by Hannah Trum Senior Marketing Specialist
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32. Kurt Hagerman: “The key for healthcare is understanding and containing the risks as best you can”

by Hannah Trum Senior Marketing Specialist

HIPAA-Critical-Podcast-Episode-32

Have you ever wondered how to mitigate the vulnerabilities that stem from IoT? 

Well, in this episode, that is what you will find out. We’re going to give you key points for building or maintaining your overall cybersecurity strategy, as well as provide examples of how IoT is a real and growing force in healthcare.

Rather read?

Here’s the full transcript of this episode.

Sierra Reed Langston: I’m Sierra Reed Langston, and this is the HIPAA Critical Podcast.

The Internet of Things is transforming healthcare from telemedicine to augmented reality to AI. All systems, network mobility, collaboration, security etiquette need to connect and work together. 

Have you ever wondered how to mitigate the vulnerabilities that stem from IoT? 

Well, in this episode, that is what you will find out. We’re going to give you key points for building or maintaining your overall cybersecurity strategy, as well as provide examples of how IoT is a real and growing force in healthcare. 

Today, we are very lucky to have Kurt Hagerman, Principal cloud security adviser at Oracle to discuss these topics in greater detail. Kurt was previously chief information security officer at Armor Defense, Inc, formerly Fire Hosting, which provides threat detection and response services. 

In addition to his work at Armour and Oracle, he has spoken and presented at security industry events and trade shows in the US and internationally, such as RSA, HITRUST, and HIIMS, to name a few. 

Hi, Kurt, can you provide some background on Oracle? Who are you guys, where you are located, and who you all serve? I think that would be a really good starting point.

Kurt Hagerman: Well, Oracle is about a 47-year-old company that was founded as a database company. Most folks in the industry recognize the Oracle name for the Oracle database. Oracle has since expanded its products to a number of applications space. They have human capital management; they’ve made several acquisitions. They’re providing a lot of enterprise, front office, and back-office applications as well.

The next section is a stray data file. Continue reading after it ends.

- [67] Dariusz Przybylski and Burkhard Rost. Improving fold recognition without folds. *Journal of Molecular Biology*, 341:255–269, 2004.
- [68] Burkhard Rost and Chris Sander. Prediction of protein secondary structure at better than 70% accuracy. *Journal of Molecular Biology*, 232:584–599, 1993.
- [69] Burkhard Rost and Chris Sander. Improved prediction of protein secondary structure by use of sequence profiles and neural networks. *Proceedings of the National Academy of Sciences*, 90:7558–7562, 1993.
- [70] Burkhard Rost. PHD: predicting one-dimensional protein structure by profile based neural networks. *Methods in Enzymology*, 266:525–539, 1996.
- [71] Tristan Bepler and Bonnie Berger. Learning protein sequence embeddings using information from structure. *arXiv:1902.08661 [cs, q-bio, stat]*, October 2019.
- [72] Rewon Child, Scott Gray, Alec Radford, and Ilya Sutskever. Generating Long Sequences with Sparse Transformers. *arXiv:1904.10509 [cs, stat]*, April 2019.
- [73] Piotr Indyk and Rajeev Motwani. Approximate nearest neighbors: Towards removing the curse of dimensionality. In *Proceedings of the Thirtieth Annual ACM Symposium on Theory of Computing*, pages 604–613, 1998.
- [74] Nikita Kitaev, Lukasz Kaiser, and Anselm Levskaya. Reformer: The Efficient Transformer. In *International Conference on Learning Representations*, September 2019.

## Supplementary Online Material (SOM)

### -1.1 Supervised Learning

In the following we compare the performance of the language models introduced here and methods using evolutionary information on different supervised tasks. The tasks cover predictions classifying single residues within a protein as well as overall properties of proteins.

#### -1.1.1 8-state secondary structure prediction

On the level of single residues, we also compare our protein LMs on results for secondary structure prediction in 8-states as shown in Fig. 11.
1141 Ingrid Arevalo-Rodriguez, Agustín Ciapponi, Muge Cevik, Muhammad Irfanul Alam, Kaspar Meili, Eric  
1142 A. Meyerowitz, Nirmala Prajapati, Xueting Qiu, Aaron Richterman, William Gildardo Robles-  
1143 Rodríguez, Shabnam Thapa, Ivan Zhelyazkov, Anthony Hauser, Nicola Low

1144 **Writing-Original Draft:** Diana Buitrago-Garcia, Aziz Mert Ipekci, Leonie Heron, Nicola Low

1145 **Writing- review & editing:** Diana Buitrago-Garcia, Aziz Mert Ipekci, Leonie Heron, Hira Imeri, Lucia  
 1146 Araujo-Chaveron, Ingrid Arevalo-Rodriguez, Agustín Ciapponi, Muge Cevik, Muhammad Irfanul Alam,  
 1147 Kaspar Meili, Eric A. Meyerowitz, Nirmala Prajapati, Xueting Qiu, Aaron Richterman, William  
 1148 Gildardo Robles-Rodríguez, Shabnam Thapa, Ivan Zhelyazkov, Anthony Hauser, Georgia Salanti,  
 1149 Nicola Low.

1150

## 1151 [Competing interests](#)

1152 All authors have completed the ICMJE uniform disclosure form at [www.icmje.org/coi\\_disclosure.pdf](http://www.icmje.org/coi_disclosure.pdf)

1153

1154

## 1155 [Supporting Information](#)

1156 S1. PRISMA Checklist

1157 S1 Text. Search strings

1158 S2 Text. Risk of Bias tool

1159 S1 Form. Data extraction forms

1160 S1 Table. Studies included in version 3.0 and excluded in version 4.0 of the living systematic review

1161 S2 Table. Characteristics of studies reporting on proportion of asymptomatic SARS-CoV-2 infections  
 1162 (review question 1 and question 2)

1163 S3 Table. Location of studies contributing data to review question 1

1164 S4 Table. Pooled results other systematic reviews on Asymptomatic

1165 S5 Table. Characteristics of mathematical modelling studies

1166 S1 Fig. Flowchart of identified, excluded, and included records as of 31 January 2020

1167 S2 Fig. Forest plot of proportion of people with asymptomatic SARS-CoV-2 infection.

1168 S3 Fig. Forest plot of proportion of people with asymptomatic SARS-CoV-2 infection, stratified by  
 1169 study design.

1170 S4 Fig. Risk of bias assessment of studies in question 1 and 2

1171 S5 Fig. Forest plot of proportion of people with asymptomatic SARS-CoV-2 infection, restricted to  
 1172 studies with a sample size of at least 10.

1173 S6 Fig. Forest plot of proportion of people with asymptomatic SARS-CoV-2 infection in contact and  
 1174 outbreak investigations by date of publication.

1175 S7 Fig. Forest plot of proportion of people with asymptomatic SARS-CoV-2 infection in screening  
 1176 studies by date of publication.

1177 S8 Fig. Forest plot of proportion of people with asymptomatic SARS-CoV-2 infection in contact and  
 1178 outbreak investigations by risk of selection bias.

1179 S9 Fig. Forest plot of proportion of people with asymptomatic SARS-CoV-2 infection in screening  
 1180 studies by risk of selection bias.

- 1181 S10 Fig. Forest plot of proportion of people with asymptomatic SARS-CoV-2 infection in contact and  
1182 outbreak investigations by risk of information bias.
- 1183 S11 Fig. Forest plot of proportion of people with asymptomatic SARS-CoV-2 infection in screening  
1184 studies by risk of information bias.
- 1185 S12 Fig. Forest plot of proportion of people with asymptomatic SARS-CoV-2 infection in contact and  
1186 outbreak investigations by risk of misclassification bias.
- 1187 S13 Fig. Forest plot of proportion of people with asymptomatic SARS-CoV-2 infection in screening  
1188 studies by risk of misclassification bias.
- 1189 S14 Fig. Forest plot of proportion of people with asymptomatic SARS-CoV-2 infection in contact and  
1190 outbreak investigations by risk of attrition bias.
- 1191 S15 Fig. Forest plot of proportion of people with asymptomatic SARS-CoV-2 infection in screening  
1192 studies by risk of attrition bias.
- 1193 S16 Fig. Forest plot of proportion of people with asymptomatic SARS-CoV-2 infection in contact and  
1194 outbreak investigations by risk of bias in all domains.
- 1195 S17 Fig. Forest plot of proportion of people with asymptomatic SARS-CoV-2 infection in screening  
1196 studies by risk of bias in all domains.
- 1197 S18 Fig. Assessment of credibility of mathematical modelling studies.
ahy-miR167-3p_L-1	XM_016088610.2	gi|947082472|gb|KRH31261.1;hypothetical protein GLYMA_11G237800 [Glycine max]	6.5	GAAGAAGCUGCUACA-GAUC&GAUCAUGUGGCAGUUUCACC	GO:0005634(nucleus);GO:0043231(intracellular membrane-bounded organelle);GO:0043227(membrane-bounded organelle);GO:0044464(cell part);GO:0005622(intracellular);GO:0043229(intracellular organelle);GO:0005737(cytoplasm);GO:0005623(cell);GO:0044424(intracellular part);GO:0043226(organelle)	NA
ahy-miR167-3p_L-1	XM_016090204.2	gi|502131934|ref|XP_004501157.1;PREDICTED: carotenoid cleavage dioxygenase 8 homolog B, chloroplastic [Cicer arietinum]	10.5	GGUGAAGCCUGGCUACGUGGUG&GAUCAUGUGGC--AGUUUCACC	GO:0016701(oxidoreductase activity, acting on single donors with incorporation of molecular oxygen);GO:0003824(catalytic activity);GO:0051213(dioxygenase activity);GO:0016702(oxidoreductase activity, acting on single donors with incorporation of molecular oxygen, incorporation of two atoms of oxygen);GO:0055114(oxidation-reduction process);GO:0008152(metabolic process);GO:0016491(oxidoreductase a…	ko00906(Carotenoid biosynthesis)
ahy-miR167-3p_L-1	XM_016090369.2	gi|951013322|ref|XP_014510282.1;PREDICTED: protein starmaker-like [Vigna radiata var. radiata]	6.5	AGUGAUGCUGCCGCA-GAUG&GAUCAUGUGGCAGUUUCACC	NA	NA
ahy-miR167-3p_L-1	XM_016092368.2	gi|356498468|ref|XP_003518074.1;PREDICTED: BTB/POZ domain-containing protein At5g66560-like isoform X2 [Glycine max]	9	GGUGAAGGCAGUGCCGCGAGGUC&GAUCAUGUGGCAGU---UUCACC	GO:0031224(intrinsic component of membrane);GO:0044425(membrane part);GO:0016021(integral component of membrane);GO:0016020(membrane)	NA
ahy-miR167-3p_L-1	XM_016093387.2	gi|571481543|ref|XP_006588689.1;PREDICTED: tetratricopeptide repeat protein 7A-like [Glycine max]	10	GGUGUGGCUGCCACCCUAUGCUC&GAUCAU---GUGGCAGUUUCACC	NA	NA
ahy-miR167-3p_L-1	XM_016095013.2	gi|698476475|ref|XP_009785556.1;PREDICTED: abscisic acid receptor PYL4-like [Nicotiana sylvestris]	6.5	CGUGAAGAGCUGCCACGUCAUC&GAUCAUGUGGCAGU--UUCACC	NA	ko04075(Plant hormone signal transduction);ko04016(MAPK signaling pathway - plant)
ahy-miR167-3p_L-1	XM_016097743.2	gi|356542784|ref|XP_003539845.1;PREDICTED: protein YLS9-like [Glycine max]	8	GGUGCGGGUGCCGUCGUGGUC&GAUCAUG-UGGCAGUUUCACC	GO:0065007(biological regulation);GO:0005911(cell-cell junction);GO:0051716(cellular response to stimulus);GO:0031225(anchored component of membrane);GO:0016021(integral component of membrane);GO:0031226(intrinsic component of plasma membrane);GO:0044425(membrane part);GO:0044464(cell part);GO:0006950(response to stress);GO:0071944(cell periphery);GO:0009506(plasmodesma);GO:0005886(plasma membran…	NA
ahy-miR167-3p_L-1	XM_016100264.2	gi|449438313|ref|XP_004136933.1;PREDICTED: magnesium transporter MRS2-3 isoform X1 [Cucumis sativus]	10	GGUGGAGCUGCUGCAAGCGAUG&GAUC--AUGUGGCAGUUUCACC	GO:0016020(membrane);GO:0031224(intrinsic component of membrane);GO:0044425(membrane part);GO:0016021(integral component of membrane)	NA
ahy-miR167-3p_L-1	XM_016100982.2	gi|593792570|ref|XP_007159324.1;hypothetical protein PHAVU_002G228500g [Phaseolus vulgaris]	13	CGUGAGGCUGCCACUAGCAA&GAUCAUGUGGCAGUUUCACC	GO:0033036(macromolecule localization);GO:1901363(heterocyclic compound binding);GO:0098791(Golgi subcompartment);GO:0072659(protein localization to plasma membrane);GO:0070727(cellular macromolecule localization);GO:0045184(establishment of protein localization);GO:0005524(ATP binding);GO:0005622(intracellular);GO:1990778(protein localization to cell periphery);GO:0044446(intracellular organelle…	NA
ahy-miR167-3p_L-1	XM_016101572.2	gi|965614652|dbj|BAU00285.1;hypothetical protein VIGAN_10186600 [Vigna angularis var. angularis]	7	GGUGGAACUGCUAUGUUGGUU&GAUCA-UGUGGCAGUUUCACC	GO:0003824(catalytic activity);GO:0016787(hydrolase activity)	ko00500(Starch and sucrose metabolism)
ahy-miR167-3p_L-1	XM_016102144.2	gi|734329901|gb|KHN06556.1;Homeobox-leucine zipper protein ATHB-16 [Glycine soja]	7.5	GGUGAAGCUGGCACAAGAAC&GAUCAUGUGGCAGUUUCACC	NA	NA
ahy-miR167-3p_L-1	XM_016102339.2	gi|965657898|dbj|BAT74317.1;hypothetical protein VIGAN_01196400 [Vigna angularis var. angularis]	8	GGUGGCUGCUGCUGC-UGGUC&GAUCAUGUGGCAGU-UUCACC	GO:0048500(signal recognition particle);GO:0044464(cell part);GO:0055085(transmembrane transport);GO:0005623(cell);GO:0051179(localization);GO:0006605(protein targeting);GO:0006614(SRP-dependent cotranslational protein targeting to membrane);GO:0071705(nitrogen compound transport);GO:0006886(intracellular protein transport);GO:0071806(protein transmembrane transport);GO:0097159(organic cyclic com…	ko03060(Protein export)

Most recently, they entered the public cloud space through Oracle Cloud infrastructure. About three years ago, was the relaunch of Oracle Cloud infrastructure, where we provide AI services to customers all over the world. 

Oracle is a global company; we operate out of multiple countries. There was a recent article that the corporate office is relocating from Redwood Shores, CA, to Austin, TX. 

What we’re really doing now with Oracle Cloud is moving a lot of its applications and SAP applications that are being served up from the Oracle Oracle Cloud infrastructure. We’re making lots of inroads with our enterprise customer base and others in providing public cloud infrastructure services.

Sierra: OK, great. Thanks so much for that overview. 

I know from my research that you created your first strategic cybersecurity programs from scratch. Do you mind telling our audience a little bit more about these programs and what they entailed?

Kurt: It’s creating a cybersecurity program from scratch is a big, big task. What you do is break it down and keep it simple. The high points really are, know what you’re protecting and where it is. 

In other words, you need to understand what data of the organization is considered sensitive. And that’s what you need to protect. Then you really need to know where it is. A lot of organizations suffer from data sprawl. You have to have a good handle on where all that sensitive data lives and where it is because you can’t protect it if you don’t know where it is true. 

Once you have a handle on that, then I think the next step is to really understand and catalog the risks that your organization faces, based on how it effectively handles, collects processes, and stores this data. 

Everybody does things slightly differently. They have different kinds of applications, and they have different ways that they work internally. You can look at a common set of risks, like the top 10, when you when you’re talking about applications, but what you really need to do is understand all the risks that are out there in the context of your organization, and how you’re working with the data that you have. 

Once you have those risks, understood then you can start understanding how do I now mitigate those risks, what security controls do I need to put in place? Most people start with a framework like ISO 27,001, or they’ll start with NIST 853. Depending upon what industry you’re in, you may have banking and financial services, regulatory requirements, healthcare requirements, like HIPAA, payment card requirements. So you have to understand what your regulatory environment is in terms of what kinds of controls are required.